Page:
Reducing the risk of transmitting genital herpes: advances in understanding and therapy

Peter Leone
Current Medical Research and Opinion 2005, 21 (10): 1577-82

BACKGROUND: This review considers the epidemiology and impact of genital herpes, discusses how herpes simplex virus-2 (HSV-2) is transmitted, and reviews data on methods of reducing the risk of HSV transmission.

SCOPE: Information for the paper was identified through multiple PubMed searches. Information in the section on interventions was identified through PubMed searches using several pairs of key words (herpes and transmission, herpes and treatment, herpes and antiviral, herpes and valacyclovir, herpes and famciclovir, herpes and acyclovir, herpes and condom, herpes and clinical trial). The searches, conducted in January 2005, did not have date limits. Papers were selected for inclusion based on the author's judgment of their relevance to the topic of the review.

FINDINGS: An estimated 45 million persons in the United States have genital herpes infection, and new infections occur at a rate of approximately one million per year. Approximately 85% to 90% of infections are unrecognized and therefore undiagnosed. Individuals with genital HSV-2 infection shed virus during asymptomatic periods as well as symptomatic periods. In fact, transmission frequently occurs during periods of asymptomatic viral shedding. Asymptomatic viral shedding (1) occurs in the majority of patients with genital HSV-2 infection; (2) accounts for approximately one third of the days of viral shedding; (3) occurs regardless of duration of infection but is most frequent during the first year after infection; (4) occurs more than 7 days before or after a symptomatic recurrence 50% of the time; and (5) does not differ significantly when comparing patients with 1 to 12 annual recurrences to those with no recurrences. A recently published study of discordant couples counseled on safe sex practices found that once daily suppressive therapy with valacyclovir reduced the risk of transmission of HSV-2 in heterosexual immunocompetent adult couples discordant for HSV-2 infection. In an 8-month study, daily valacyclovir compared with placebo reduced the risk of acquisition of symptomatic genital HSV-2 infection by 75% (2.2% placebo vs. 0.5% valacyclovir; hazard ratio = 0.25; p = 0.008). The overall risk of acquisition of HSV-2 infection (defined via laboratory-confirmed symptoms or seroconversion) was reduced by 48% (3.6% placebo vs. 1.9% valacyclovir hazard ratio = 0.52; p = 0.04). The most common adverse events in the study were headache, nasopharyngitis, and upper respiratory infection.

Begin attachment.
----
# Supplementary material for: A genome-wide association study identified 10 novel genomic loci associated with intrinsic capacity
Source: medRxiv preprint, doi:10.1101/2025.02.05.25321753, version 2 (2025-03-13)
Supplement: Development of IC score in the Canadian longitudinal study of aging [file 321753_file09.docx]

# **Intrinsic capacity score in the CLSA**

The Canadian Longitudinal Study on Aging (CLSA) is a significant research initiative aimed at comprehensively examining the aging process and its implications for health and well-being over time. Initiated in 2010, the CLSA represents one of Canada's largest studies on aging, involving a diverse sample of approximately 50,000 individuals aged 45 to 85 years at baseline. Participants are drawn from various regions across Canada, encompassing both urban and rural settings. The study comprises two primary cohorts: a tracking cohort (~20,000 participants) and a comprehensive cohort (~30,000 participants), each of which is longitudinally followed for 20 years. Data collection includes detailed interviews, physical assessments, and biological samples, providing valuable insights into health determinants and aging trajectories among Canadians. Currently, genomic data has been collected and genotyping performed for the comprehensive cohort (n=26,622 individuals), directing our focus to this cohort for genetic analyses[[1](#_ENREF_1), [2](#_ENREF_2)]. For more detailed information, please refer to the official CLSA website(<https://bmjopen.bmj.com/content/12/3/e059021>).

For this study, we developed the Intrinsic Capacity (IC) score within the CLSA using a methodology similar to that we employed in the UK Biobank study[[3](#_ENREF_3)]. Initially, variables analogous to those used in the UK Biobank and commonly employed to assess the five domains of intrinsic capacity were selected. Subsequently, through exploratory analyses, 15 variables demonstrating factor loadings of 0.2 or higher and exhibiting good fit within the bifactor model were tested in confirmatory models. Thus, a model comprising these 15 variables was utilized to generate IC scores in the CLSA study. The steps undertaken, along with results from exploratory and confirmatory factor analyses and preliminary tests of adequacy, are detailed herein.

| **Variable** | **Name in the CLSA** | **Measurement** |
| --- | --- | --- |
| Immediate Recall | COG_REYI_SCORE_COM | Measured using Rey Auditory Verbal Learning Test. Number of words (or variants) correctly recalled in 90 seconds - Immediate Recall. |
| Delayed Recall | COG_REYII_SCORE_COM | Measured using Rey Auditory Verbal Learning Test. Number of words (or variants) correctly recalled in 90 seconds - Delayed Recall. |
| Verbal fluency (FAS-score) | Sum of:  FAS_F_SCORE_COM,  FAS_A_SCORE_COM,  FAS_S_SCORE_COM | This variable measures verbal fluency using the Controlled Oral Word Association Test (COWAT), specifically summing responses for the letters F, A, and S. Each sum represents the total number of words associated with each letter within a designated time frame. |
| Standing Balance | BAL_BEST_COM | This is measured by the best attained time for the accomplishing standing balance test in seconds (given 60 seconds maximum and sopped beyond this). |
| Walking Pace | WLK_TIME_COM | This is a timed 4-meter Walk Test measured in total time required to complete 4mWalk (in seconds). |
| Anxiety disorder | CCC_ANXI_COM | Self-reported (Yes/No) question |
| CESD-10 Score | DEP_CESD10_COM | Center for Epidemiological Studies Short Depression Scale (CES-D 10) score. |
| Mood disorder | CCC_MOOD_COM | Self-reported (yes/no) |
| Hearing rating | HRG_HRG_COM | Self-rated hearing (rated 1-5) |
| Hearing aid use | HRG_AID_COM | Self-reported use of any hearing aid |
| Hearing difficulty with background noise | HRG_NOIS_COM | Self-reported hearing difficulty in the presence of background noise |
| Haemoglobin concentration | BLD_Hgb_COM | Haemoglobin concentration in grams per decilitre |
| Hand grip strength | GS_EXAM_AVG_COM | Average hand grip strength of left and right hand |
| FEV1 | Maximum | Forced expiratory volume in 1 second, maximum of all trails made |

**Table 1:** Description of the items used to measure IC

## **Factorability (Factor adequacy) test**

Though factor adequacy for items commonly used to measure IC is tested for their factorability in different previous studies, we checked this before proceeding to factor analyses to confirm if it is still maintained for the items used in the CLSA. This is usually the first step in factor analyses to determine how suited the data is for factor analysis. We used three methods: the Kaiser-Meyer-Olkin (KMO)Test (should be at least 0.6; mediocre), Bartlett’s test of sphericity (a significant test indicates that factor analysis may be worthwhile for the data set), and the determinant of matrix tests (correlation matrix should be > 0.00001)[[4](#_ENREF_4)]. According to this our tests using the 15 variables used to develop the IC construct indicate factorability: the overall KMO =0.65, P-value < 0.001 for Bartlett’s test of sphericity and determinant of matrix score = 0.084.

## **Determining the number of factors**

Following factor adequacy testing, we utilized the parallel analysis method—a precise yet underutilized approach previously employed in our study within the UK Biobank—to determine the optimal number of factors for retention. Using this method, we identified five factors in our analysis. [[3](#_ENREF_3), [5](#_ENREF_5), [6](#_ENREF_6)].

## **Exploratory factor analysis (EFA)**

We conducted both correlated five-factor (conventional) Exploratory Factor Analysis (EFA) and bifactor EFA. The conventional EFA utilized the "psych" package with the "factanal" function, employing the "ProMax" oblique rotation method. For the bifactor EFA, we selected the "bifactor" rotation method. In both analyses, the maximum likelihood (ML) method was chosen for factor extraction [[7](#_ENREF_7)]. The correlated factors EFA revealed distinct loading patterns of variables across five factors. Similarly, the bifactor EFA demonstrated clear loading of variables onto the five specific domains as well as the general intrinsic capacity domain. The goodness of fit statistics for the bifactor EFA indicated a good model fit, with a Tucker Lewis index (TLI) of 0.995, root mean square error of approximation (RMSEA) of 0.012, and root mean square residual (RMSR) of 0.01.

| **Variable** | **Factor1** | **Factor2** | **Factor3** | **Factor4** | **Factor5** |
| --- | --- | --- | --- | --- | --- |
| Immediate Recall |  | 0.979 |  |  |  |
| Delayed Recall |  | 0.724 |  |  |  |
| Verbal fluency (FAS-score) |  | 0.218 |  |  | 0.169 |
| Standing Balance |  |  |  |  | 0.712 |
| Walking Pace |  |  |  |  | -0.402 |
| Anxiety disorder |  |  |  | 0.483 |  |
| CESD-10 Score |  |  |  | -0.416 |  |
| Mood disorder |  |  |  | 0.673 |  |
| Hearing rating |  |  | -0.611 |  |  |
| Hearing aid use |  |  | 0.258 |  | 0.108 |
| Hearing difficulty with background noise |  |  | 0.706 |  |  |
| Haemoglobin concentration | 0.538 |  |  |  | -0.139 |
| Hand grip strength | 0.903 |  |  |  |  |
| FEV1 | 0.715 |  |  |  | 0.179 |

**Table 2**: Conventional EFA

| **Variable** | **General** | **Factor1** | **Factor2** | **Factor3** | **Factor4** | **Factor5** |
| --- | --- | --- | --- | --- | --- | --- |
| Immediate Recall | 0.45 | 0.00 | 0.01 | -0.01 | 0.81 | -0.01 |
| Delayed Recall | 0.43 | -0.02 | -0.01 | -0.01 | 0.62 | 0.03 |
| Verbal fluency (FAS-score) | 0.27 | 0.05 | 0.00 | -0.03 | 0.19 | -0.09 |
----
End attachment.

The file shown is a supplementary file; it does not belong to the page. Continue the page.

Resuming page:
CONCLUSION: Daily suppressive therapy is recommended as a therapeutic option for HSV-2 seropositive individuals at risk of transmitting HSV-2. Because no intervention completely protects against transmission of HSV, infected individuals and their partners should be counseled to use safer sex practices, including the use of condoms.

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